In a small saucepan, heat the peanut oil over medium low. Add the green onions, ginger, garlic, and chili paste. Cook and stir for a minute until soft and fragrant. Whisk in the chile flakes, honey, brown sugar, peanut butter, vinegar, soy sauce, and stock until the sugar is dissolved and the peanut butter has smoothed out. Toss the noodles with the peanut sauce and sesame seeds until well coated. Serve at room temperature or chilled. Garnish with the cucumbers and cilantro.

Hae mul pa jun, hae mool pa jun, haemul pajun, hae mul pa jeon, haemool-pahjun, haemul jun. This scallion pancake is a flat delectable app and speaks to the Korean sea culture. I tend to make both dipping sauces, fine balances between sweet, spice and acid—as they can be used with other dishes, fishes, finger foods and keep fairly well in the fridge for a day or two.

HAE MUL PA JUN

2 C all purpose flour
2 eggs, lightly beaten
1-2 T canola oil
1 1/2 C cold water

6 scallions, green parts only, cut into 3 inch lengths and sliced lengthwise
8 chopped scallions
1 medium carrot, peeled and grated
1 small to medium zucchini, trimmed and grated
6 oz fresh squid, cleaned, rinsed and thinly chopped
1/2 lb shrimp, peeled, rinsed and chopped

In a medium bowl, mix flour, eggs and oil with water until a smooth batter is formed. It should be a tad thinner than traditional buttermilk pancake batter. Stir chives, carrots, zucchini, shrimp and squid into batter.

Place a nonstick skillet over medium-high heat, then coat bottom with oil. Ladle in about a quarter of the batter and spread it out evenly into a circle; if first pancake is too thick to spread easily, add a little water to batter for remaining pancakes. Turn heat to medium and cook until bottom is browned, about 3 minutes, then flip and cook for another 2 minutes. Repeat with remaining batter.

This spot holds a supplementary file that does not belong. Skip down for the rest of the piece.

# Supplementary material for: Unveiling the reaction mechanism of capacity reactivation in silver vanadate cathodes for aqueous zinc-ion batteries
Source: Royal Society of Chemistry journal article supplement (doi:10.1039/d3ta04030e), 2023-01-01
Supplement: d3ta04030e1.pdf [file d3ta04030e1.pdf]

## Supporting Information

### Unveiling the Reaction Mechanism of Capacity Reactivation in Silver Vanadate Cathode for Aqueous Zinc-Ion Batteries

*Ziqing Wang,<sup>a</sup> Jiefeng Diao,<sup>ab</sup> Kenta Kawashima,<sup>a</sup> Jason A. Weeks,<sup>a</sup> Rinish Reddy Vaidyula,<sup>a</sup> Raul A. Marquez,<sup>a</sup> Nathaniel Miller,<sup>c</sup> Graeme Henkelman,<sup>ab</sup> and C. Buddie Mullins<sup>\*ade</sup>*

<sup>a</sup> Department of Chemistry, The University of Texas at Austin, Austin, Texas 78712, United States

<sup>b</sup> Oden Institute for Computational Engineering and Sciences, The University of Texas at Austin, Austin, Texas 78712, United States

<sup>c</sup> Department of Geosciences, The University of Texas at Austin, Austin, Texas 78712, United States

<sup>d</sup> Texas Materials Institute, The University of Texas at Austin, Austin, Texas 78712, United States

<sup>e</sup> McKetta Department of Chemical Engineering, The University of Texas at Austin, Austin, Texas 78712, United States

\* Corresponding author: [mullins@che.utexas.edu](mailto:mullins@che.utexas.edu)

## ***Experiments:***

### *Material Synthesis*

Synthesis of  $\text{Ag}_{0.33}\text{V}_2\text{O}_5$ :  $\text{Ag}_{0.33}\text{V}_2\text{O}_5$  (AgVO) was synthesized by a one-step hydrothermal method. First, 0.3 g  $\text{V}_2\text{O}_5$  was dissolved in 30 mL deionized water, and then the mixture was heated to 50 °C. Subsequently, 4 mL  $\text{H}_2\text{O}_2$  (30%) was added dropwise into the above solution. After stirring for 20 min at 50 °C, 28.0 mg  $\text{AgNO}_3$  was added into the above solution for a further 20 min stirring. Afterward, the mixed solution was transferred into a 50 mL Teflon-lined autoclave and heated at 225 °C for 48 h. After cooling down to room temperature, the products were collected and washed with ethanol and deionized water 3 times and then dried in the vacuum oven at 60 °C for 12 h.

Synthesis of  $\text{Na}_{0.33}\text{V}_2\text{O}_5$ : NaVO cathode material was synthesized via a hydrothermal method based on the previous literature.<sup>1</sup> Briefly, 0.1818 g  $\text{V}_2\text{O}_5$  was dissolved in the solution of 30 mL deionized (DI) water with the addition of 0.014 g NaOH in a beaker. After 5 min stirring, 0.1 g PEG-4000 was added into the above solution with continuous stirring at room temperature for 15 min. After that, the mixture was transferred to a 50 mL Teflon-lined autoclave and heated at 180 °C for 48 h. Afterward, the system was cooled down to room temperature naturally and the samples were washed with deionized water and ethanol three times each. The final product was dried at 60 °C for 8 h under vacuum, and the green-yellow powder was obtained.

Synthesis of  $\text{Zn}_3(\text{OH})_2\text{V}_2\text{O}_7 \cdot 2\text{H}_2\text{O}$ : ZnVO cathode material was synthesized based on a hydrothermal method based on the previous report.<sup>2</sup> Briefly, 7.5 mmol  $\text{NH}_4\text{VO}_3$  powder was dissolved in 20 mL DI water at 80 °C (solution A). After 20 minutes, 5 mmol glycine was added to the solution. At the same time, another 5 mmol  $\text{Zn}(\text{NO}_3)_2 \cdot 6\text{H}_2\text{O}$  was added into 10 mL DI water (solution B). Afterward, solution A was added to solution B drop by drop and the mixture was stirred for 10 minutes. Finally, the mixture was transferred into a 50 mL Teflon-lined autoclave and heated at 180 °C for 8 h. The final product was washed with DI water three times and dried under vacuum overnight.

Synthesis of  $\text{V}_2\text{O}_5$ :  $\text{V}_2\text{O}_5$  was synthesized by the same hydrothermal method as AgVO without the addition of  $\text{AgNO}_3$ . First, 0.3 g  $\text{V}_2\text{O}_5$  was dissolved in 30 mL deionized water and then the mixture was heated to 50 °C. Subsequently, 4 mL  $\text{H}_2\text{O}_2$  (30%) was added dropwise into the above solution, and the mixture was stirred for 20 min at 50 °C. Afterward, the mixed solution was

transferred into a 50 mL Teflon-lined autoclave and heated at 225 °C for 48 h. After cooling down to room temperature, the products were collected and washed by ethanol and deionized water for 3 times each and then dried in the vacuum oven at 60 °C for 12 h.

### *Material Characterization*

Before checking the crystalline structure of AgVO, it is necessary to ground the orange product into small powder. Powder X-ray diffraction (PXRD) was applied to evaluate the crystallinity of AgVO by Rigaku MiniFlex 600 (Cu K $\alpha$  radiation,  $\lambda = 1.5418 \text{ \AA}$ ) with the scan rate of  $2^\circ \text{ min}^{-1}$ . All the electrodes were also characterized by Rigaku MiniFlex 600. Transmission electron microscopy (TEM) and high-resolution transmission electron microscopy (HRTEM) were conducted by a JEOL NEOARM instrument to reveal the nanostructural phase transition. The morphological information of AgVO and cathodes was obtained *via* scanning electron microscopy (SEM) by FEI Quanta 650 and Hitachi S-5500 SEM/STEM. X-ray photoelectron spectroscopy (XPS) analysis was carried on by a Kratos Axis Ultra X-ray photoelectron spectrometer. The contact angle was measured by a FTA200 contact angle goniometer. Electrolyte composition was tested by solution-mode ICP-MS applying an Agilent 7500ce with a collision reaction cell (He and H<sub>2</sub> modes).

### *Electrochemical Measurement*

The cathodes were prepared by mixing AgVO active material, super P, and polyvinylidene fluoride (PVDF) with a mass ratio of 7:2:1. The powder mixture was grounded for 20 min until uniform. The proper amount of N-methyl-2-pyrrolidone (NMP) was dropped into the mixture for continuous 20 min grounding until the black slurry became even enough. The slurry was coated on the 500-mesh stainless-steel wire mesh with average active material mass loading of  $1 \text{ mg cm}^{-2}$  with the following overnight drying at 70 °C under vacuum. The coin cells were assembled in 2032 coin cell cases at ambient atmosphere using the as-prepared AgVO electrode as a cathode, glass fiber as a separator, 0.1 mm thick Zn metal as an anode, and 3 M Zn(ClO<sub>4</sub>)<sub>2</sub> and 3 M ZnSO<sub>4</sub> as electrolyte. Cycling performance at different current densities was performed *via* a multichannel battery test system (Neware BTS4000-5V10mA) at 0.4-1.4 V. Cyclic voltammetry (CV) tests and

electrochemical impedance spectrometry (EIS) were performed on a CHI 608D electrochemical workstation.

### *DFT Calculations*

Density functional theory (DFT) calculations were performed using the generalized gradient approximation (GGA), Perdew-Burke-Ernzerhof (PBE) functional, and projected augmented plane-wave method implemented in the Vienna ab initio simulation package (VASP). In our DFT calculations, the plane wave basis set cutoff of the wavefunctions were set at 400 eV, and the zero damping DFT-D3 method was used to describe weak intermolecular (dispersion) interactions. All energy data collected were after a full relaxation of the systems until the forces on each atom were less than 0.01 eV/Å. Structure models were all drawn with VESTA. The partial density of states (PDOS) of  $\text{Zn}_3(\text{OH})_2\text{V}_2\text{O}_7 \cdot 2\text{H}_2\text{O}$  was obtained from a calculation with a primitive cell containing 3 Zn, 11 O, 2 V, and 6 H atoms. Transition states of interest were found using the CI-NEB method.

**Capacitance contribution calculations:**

As each batch of pancakes finishes, remove and drain on paper towels.

Cut pancakes into triangular wedges and serve with dipping sauces.

RICE VINEGAR & SOY DIPPING SAUCE
1 T rice vinegar
3 T soy sauce
1 t sugar
1 t red pepper flakes
1 t sesame seeds

In a small bowl, mix together the vinegar, soy sauce, sugar, red pepper flakes and sesame seeds.

RED CURRY PEANUT DIPPING SAUCE

1/4 cup roasted salted peanuts
1 T brown sugar

2 to 3 t Thai red curry paste
8 to 10 T water
2 t peanut or vegetable oil
3 garlic cloves, finely chopped
1/4 C finely chopped shallot (about 1 large)
2 fresh Thai or serrano chilies, including seeds, thinly sliced crosswise

Finely grind 3 tablespoons peanuts in a food processor along with brown sugar. Finely chop remaining tablespoon peanuts by hand.

Stir together curry paste (to taste) and 6 tablespoons water until paste is dissolved.

Heat oil in a heavy skillet over moderately high heat until hot but not smoking, then sauté garlic, shallot, and chiles, stirring, until golden, about 4 minutes. Add ground peanut mixture and cook, stirring, 1 minute. Stir in curry mixture and bring to a boil, stirring constantly. Remove from heat and stir in chopped peanuts.

Cool to room temperature, about 30 minutes, then thin with water, 1 tablespoon at a time, to desired consistency.